Welcome to the Liquorice History

Liquorice to grow again in Pontefract?

Liquorice and its roots.
Liquorice, the unassuming sweet with its distinctive appeal, rarely ranks as any individual’s number one, most favourite sweet – that spot inevitably belongs to chocolate - but you’d be surprised at its popularity globally. It has been used as confection for up to four thousand years, and has been consumed around the world since ancient times, from Asia, throughout the Roman Empire, and from the dawning of the new frontier of America.
It’s thick, dark texture, unique taste and sweetness is enjoyed by hundreds of millions around the globe each year, and little has changed in its production and presentation throughout the ages.

It is produced from the roots of a legume shrub that grows up to a metre in height, with the roots growing up to twice this length beneath ground level. The plant grows relatively slowly, with the roots being harvested generally in the second or third year. Rich, loamy, well-drained soils are what is required for growth, as the plants thrive in cool temperate as well as equatorial climates. Once grown, the roots can be stored for long periods without any loss of quality. The plants flavour is derived mainly from glycyrrhizin, a compound sweeter than sugar, which the roots are loaded with.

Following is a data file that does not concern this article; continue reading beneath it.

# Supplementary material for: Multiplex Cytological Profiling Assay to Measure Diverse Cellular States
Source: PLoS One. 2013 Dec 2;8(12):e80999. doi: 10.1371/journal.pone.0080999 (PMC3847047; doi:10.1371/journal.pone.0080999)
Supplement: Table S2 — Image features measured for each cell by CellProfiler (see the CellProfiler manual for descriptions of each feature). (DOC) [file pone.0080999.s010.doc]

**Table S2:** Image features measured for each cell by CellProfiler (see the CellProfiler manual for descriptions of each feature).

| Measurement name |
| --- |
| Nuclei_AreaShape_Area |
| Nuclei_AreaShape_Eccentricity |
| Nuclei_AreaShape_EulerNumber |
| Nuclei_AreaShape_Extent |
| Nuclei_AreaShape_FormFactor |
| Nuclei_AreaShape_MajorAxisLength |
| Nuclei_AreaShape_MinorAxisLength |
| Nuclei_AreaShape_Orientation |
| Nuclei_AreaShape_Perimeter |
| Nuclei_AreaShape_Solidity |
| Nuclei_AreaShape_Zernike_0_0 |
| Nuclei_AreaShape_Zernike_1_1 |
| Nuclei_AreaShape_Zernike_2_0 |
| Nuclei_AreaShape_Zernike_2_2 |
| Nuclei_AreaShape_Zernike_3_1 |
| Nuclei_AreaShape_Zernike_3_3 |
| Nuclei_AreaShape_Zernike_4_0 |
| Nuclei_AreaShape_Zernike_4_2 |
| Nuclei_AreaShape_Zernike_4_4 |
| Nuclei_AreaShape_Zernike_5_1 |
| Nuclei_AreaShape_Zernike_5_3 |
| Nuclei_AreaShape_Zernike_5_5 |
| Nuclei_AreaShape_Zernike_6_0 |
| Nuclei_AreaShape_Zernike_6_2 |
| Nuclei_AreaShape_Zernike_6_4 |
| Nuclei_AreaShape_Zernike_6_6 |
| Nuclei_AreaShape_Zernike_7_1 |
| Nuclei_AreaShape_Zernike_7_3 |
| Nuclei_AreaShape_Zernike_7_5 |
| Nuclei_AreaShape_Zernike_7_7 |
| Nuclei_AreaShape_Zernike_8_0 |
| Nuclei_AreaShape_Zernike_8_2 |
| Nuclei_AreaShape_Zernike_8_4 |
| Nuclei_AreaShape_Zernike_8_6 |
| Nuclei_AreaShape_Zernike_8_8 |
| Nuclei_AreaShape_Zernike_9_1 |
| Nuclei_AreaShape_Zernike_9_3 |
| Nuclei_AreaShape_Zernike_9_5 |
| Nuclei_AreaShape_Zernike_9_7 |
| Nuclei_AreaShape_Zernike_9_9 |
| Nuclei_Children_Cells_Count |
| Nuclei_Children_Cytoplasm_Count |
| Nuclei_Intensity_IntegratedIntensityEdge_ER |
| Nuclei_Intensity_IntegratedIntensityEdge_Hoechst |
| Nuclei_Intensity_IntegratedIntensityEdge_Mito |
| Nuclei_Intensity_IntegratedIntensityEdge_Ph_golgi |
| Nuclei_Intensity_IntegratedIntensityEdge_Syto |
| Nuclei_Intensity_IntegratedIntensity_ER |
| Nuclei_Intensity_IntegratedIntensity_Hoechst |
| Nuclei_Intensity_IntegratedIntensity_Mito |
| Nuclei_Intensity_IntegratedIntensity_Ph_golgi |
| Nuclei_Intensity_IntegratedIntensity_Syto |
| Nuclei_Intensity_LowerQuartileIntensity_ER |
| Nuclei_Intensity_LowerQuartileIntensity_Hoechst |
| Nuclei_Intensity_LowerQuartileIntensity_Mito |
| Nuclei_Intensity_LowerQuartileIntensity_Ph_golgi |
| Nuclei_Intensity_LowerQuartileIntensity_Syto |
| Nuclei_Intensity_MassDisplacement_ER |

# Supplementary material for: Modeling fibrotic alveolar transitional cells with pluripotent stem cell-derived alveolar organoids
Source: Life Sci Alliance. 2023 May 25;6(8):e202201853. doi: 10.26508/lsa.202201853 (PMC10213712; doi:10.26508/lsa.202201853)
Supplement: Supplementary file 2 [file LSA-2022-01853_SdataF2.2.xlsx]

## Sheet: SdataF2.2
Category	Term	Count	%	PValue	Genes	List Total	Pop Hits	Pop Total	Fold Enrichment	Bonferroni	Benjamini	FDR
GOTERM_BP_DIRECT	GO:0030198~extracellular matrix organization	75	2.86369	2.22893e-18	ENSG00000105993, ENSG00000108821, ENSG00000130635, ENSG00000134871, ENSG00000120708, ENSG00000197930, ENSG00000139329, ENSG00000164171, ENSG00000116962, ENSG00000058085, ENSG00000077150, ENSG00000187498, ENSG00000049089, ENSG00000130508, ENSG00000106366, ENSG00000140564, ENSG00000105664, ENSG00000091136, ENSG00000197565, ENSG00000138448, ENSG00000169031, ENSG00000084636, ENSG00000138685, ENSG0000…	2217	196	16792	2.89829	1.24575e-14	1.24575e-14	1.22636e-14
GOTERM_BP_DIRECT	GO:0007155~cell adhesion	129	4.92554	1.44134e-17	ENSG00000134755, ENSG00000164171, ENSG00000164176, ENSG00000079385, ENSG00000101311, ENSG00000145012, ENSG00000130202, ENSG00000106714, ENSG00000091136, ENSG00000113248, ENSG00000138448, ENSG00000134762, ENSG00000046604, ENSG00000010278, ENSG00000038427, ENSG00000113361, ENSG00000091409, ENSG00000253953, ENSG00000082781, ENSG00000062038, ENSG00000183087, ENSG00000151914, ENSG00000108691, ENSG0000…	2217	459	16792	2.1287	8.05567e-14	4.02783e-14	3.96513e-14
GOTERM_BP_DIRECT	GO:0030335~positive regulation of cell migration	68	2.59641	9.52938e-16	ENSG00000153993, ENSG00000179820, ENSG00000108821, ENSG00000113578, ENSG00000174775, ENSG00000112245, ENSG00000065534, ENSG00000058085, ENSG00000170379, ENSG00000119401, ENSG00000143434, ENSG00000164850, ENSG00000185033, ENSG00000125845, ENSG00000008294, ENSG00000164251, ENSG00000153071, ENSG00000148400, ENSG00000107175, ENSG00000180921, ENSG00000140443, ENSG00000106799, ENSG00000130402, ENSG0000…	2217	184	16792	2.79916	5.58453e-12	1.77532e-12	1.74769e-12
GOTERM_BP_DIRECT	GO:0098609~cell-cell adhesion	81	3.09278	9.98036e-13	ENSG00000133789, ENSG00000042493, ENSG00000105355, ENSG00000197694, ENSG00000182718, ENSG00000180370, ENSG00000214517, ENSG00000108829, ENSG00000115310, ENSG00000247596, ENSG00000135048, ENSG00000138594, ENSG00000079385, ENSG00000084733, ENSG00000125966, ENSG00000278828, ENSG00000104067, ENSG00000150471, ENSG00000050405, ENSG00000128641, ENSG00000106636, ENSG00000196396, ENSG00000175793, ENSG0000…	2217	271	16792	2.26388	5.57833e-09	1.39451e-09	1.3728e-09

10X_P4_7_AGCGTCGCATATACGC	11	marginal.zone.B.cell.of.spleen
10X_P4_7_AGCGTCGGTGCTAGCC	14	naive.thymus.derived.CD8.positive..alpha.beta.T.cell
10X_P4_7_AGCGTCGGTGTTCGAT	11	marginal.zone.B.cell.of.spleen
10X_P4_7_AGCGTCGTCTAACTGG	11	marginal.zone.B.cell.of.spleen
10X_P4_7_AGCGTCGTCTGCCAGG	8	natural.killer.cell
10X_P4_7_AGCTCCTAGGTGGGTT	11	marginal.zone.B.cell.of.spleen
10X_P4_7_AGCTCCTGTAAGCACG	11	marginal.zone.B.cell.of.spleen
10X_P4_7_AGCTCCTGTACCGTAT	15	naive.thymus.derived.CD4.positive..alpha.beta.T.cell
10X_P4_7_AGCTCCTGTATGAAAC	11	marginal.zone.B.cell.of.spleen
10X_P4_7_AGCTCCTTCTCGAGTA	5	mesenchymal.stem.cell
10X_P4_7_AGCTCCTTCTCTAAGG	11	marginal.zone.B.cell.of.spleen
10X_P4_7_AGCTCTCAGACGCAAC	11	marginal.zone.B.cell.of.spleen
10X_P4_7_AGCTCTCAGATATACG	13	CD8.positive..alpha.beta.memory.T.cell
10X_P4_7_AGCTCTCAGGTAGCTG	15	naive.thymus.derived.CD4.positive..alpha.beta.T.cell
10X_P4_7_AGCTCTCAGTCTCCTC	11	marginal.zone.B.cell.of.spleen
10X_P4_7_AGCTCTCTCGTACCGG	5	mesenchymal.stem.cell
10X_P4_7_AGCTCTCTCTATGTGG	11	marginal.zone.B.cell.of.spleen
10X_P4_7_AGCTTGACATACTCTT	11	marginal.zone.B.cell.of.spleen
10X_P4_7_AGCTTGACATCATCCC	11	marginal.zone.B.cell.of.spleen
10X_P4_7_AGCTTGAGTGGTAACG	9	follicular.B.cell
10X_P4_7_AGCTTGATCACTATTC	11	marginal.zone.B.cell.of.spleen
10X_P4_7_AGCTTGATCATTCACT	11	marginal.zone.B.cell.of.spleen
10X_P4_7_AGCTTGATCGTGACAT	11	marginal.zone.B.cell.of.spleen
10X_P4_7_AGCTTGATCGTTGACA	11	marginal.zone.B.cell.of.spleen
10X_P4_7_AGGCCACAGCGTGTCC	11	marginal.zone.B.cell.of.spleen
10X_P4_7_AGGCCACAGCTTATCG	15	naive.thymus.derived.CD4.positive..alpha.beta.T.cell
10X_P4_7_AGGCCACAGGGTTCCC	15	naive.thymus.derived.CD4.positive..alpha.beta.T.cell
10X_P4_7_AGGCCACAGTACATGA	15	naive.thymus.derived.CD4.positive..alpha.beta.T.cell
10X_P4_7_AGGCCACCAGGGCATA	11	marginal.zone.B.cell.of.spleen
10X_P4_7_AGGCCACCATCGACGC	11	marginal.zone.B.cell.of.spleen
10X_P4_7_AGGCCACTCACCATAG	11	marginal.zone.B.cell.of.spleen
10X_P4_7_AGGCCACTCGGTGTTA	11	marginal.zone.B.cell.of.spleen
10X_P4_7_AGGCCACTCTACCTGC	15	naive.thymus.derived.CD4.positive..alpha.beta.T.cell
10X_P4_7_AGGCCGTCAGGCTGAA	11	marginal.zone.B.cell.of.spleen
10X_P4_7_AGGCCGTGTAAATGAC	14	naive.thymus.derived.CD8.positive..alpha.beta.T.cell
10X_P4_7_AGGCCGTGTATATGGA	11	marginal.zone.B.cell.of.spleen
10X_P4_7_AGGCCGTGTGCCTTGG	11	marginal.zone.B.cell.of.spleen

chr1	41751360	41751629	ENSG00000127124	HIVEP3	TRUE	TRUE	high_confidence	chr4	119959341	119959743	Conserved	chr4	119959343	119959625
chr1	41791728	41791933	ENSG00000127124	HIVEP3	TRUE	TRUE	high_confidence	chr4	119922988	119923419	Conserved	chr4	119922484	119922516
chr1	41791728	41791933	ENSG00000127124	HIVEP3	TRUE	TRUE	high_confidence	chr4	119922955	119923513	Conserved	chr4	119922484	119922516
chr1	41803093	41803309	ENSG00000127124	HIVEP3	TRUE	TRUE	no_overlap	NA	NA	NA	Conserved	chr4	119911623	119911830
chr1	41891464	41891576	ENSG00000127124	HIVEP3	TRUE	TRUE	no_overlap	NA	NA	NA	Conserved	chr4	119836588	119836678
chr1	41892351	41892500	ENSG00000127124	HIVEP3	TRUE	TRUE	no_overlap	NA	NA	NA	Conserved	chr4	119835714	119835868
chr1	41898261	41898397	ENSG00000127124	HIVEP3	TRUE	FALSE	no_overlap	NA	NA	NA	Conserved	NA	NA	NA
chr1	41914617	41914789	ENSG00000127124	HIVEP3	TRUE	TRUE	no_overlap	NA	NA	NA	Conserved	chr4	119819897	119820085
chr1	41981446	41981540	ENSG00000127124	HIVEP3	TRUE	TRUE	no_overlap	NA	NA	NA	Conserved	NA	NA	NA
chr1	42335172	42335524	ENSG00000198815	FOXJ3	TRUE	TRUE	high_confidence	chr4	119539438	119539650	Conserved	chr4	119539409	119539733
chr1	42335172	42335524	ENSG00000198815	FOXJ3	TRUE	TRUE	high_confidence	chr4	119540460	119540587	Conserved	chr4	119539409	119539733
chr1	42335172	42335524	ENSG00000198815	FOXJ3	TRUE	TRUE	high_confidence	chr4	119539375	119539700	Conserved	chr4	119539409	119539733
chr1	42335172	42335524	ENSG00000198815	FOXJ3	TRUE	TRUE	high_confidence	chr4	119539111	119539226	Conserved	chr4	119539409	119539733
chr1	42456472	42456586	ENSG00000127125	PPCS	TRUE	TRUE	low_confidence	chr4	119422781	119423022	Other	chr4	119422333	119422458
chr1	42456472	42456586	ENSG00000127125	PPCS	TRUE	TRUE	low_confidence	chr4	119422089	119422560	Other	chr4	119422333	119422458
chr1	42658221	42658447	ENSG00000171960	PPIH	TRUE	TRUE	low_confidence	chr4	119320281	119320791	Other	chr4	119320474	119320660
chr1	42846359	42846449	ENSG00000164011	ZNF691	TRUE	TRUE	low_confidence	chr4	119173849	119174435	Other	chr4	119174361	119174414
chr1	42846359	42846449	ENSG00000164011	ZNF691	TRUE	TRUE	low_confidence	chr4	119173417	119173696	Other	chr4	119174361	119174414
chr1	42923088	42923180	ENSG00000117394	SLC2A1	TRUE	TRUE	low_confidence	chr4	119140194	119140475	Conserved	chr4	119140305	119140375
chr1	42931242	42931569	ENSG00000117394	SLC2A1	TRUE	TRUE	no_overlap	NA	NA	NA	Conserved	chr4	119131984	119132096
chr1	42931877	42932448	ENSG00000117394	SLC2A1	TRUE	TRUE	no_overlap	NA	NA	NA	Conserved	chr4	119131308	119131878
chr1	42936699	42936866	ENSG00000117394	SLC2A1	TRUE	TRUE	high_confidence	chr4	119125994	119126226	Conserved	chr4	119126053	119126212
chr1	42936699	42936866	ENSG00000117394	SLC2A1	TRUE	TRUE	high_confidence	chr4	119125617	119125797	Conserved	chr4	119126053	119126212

The roots can be chewed to release the flavours, and the pulp, which is indigestible, spat out, but this is not recommended. In production, the roots are mashed and the compound extracted in this way. It is often mixed with sugars for consistency.



Yorkshire farmer plans to get a tonne of sweet roots from half-an-acre of rich soil and sell the cut sticks of black stuff from his own sweetie shop. Liquorice fan Rebecca Smithers reports in the Guardian


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The production of liquorice has declined in the Pontefract area over the last 200 years as the popularity of chocolate has boomed, yet it remains very important to the local economy. Special commissions are made from time to time, including for special effects for films. In the James Bond film “Gold-Finger” a villain had to bite through a cable of a cable car, and Pontefract Manufacturers produced a suitable liquorice cable and delivered it direct to the Pinewood Studios.